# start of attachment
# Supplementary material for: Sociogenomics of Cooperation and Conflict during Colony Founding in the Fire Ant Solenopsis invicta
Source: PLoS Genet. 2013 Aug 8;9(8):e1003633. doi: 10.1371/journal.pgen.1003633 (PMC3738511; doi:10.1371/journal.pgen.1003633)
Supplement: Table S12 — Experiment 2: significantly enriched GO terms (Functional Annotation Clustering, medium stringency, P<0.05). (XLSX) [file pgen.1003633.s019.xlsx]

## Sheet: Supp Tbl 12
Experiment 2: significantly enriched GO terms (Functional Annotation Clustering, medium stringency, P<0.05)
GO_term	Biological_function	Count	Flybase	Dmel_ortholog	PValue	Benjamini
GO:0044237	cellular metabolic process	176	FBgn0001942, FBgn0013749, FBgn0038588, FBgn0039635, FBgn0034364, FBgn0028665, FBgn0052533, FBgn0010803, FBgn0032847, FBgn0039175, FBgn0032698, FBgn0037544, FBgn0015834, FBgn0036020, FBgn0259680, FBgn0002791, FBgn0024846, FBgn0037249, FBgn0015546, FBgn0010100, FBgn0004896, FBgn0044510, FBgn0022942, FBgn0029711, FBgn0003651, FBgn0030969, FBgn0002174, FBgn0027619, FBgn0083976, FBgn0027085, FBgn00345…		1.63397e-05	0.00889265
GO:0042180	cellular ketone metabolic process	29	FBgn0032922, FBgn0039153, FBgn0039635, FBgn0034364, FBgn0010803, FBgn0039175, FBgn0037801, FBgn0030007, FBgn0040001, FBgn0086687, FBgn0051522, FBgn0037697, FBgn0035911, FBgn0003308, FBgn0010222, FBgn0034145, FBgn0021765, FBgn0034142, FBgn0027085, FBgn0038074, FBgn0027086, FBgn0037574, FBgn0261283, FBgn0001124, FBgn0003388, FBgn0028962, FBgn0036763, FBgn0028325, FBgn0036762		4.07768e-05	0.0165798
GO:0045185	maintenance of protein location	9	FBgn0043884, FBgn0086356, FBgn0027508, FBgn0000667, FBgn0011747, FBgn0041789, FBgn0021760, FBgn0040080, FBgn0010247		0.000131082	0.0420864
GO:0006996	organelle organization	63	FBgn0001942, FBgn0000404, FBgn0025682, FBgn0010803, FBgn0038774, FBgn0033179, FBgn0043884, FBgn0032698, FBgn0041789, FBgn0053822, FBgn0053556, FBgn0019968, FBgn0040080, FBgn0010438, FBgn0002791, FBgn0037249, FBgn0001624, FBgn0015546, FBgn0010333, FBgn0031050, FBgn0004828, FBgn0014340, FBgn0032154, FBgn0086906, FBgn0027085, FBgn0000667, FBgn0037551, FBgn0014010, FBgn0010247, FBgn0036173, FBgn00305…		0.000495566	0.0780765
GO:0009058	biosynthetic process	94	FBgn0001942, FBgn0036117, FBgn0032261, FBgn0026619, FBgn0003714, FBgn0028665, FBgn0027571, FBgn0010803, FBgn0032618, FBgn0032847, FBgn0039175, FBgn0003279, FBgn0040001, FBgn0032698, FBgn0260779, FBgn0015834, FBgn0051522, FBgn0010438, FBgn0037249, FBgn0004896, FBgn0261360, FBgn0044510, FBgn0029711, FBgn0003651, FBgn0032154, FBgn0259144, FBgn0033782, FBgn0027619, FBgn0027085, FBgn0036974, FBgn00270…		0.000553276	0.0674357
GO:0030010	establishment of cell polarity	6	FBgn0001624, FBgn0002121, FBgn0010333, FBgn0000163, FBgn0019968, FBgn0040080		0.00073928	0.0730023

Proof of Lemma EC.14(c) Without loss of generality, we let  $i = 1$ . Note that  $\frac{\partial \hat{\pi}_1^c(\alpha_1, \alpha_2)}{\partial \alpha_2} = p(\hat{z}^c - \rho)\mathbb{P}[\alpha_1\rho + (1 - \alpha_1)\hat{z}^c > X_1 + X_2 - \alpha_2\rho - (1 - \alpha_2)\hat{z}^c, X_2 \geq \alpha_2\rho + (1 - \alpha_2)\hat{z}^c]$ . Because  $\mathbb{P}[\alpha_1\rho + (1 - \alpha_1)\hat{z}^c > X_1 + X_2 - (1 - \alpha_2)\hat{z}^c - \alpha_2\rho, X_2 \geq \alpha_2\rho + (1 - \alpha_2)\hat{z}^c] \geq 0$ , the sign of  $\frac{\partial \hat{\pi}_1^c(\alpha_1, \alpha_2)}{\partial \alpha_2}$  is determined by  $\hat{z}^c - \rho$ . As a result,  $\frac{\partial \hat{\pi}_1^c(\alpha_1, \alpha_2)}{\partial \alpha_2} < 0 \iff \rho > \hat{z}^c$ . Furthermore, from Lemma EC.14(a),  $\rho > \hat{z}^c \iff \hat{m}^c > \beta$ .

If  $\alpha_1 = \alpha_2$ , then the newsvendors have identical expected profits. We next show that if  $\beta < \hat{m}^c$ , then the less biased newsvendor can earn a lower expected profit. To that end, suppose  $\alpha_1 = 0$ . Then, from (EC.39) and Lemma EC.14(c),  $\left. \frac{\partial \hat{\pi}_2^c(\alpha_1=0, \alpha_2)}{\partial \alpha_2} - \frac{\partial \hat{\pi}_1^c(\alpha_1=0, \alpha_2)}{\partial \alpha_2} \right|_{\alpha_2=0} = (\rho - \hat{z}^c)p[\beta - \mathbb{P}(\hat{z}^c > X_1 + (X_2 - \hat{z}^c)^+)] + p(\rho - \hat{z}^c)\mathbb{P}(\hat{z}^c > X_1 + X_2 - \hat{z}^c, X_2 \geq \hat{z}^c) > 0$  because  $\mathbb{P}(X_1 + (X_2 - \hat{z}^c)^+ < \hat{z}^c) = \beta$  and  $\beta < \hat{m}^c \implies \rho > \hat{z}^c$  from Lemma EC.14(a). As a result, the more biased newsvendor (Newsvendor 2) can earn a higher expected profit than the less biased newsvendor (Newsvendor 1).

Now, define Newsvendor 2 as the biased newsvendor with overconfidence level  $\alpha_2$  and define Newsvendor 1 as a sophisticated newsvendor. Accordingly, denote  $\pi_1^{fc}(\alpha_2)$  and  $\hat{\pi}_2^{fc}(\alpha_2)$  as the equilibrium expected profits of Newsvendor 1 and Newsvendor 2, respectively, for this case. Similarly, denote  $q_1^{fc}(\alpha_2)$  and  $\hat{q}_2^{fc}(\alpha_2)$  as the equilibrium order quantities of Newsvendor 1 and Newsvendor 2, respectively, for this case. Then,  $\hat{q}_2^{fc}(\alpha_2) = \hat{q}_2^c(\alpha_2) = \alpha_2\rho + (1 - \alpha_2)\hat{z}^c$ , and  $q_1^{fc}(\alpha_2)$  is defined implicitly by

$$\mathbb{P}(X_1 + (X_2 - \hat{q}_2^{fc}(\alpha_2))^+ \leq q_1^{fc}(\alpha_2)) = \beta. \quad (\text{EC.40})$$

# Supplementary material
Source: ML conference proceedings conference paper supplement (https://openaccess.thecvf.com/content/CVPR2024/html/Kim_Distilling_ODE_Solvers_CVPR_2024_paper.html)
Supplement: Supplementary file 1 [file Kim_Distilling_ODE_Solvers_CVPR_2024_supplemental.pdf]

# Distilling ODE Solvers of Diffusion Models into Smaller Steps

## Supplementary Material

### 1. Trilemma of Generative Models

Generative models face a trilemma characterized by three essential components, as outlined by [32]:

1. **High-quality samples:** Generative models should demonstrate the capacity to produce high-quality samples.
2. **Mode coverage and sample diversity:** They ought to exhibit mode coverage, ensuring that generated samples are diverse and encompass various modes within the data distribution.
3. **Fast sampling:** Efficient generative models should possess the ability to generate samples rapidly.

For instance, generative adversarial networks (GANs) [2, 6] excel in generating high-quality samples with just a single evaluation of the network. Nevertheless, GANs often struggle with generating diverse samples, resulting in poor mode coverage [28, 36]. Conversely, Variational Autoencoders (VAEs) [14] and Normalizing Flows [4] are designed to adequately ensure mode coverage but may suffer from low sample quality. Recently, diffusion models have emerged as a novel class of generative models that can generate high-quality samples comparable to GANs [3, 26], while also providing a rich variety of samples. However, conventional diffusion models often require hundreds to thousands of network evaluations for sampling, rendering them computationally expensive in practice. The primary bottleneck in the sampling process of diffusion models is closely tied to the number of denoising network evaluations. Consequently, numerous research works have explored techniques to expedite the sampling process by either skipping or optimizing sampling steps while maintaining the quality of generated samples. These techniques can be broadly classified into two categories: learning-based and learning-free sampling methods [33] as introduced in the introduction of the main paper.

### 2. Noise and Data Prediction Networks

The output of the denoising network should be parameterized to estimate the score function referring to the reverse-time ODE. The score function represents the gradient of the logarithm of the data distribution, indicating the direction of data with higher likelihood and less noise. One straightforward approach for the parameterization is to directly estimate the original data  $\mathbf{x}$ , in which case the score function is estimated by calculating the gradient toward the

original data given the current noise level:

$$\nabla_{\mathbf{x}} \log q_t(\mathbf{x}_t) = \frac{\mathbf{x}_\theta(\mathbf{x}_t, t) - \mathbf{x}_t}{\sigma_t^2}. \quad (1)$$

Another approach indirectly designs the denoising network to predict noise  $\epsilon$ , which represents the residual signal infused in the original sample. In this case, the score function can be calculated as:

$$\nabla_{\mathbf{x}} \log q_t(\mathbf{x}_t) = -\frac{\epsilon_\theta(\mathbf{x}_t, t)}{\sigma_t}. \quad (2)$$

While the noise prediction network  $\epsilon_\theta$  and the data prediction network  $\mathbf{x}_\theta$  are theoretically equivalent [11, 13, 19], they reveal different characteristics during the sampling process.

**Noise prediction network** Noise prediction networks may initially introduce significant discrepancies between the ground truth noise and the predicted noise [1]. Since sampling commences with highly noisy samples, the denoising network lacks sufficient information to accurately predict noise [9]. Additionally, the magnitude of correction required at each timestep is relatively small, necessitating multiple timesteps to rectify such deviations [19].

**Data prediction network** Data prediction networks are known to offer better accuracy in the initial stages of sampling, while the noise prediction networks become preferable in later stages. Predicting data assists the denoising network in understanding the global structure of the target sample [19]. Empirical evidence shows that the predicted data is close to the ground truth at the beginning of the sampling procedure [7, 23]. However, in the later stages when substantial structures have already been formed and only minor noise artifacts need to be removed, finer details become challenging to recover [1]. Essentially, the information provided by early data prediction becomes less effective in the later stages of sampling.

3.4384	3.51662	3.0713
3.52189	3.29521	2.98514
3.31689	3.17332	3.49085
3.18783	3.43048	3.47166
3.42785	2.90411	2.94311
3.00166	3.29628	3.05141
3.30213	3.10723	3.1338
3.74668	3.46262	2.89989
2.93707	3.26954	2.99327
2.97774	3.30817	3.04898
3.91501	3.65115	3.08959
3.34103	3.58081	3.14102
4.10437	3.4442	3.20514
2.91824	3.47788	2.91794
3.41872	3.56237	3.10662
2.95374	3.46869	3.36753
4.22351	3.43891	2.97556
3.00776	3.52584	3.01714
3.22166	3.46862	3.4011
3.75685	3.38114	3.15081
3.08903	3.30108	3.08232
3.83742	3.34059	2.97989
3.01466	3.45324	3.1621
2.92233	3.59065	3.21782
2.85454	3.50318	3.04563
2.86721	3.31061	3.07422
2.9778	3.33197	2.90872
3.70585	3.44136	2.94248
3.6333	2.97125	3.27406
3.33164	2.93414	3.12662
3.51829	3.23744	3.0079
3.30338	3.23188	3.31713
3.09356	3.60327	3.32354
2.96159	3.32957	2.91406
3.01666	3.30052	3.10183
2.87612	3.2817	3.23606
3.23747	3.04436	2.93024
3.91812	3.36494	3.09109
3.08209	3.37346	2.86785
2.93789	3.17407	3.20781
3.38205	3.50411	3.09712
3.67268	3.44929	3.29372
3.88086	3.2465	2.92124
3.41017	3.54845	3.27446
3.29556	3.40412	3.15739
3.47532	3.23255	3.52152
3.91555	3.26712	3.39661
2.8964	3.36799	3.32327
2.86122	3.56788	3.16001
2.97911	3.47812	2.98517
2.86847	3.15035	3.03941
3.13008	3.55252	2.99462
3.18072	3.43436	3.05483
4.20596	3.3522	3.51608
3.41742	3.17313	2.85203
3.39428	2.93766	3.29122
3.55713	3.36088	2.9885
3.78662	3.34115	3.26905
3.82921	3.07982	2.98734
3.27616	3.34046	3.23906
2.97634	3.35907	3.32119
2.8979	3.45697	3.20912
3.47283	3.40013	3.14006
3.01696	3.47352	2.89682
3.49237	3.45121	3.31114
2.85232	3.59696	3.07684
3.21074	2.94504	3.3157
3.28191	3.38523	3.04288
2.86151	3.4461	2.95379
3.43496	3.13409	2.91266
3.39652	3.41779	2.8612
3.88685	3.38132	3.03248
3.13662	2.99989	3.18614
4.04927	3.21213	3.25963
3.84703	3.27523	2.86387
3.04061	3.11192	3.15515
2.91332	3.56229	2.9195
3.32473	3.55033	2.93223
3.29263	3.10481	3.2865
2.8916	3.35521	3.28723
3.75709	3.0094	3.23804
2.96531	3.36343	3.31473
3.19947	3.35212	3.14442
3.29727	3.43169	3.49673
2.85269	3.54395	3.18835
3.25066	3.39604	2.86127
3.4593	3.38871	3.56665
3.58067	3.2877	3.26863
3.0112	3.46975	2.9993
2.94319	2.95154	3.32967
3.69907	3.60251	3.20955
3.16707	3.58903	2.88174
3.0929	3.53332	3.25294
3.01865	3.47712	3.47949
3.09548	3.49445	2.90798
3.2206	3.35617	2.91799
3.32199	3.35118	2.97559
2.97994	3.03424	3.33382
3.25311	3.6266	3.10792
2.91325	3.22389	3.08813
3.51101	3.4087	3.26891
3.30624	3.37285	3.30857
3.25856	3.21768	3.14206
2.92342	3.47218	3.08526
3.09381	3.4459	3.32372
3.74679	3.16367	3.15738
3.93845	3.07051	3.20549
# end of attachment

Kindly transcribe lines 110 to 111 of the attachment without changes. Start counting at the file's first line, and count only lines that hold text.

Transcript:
4.04927	3.21213	3.25963
3.84703	3.27523	2.86387